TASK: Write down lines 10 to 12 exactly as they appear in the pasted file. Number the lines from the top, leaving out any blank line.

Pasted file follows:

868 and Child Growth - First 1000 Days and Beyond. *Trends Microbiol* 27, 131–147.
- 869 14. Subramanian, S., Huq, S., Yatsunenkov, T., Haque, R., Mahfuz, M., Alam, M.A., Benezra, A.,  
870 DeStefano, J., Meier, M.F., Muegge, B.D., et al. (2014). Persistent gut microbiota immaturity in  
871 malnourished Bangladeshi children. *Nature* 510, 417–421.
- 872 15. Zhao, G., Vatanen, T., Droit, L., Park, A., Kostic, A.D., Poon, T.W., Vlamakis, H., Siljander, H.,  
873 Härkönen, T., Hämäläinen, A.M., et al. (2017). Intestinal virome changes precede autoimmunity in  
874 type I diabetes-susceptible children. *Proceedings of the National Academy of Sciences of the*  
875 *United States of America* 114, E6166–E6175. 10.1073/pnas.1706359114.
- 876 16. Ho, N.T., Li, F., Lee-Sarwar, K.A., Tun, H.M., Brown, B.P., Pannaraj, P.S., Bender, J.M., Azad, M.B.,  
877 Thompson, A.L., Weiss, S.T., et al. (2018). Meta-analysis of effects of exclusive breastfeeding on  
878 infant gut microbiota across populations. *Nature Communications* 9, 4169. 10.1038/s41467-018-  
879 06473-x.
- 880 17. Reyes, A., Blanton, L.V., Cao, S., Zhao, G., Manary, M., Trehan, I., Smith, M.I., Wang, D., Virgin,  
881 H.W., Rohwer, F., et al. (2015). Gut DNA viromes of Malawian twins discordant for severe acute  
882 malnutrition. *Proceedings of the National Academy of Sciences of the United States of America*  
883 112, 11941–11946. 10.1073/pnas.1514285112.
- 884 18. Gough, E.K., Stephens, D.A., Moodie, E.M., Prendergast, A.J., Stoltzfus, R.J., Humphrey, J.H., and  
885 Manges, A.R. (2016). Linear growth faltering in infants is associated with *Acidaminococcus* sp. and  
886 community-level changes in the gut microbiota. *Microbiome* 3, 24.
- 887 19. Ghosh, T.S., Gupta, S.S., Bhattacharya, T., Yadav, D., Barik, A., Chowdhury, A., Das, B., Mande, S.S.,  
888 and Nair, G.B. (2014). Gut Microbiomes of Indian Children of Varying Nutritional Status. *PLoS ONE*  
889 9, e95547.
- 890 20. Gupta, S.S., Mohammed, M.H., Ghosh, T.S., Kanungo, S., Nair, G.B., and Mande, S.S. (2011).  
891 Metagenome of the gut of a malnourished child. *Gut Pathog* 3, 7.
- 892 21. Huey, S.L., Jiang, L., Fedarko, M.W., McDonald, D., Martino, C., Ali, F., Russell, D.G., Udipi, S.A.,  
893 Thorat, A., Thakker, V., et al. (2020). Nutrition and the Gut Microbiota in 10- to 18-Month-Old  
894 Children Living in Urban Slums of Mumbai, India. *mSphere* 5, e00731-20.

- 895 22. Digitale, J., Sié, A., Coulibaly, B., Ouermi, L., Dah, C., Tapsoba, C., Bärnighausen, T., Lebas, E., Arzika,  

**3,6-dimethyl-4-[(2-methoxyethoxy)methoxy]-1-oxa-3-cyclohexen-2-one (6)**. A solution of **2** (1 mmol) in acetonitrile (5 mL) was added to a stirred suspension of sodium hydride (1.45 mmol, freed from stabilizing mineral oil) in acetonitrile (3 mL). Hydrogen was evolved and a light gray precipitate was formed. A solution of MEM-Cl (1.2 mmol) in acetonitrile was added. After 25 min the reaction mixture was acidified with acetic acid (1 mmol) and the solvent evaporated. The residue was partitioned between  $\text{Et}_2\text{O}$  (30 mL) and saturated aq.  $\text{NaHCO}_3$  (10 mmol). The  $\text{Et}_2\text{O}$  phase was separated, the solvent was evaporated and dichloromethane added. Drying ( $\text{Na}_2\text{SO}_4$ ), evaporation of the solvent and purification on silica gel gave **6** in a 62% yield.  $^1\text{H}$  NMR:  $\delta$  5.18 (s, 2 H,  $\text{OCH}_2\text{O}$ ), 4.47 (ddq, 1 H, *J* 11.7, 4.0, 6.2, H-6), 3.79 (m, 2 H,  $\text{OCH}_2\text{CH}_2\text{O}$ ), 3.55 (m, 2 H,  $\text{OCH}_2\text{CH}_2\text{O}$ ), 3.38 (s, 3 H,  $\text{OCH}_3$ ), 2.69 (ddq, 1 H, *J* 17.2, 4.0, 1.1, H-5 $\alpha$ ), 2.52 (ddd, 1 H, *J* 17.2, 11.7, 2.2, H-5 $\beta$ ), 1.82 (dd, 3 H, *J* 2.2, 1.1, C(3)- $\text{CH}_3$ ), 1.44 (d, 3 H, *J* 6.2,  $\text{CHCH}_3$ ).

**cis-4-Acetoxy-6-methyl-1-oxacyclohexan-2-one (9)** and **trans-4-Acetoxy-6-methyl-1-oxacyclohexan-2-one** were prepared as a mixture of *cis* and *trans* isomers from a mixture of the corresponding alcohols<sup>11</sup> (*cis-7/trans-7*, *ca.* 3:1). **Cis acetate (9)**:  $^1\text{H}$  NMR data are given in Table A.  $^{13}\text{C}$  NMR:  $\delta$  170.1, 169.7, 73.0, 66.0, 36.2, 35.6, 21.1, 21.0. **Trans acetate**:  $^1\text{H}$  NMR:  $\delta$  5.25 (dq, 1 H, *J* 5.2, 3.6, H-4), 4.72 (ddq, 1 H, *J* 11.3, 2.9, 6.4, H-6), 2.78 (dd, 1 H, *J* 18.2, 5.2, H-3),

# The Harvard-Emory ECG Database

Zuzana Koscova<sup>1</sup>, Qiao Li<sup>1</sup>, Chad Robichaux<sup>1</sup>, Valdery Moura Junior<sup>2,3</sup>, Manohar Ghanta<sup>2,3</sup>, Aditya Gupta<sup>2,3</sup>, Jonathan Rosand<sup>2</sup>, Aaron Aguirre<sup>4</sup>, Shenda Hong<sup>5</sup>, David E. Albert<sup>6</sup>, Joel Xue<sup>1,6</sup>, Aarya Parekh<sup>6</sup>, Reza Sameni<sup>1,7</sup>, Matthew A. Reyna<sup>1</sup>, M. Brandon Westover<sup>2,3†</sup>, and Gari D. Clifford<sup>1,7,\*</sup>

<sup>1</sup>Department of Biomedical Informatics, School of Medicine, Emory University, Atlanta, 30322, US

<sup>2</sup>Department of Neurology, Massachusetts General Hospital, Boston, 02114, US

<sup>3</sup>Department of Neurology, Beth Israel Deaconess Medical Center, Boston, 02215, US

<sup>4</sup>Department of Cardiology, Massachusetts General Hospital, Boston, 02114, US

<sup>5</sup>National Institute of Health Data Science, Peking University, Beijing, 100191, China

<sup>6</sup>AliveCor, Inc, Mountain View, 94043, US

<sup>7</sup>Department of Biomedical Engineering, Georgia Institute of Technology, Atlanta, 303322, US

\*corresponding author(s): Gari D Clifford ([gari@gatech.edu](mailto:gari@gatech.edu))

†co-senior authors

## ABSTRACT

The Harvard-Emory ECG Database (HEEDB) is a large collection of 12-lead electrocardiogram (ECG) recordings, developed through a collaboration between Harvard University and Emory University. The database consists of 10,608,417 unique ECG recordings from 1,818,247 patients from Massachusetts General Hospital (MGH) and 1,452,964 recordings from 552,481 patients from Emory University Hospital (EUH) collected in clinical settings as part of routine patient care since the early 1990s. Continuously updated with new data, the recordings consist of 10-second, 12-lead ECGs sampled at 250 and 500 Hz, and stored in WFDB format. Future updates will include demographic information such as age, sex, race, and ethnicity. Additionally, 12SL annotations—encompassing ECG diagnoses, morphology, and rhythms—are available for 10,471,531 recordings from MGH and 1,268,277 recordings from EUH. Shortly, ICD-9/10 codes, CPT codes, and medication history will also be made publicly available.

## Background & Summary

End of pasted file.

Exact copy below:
877 Thompson, A.L., Weiss, S.T., et al. (2018). Meta-analysis of effects of exclusive breastfeeding on  
878 infant gut microbiota across populations. *Nature Communications* 9, 4169. 10.1038/s41467-018-  
879 06473-x.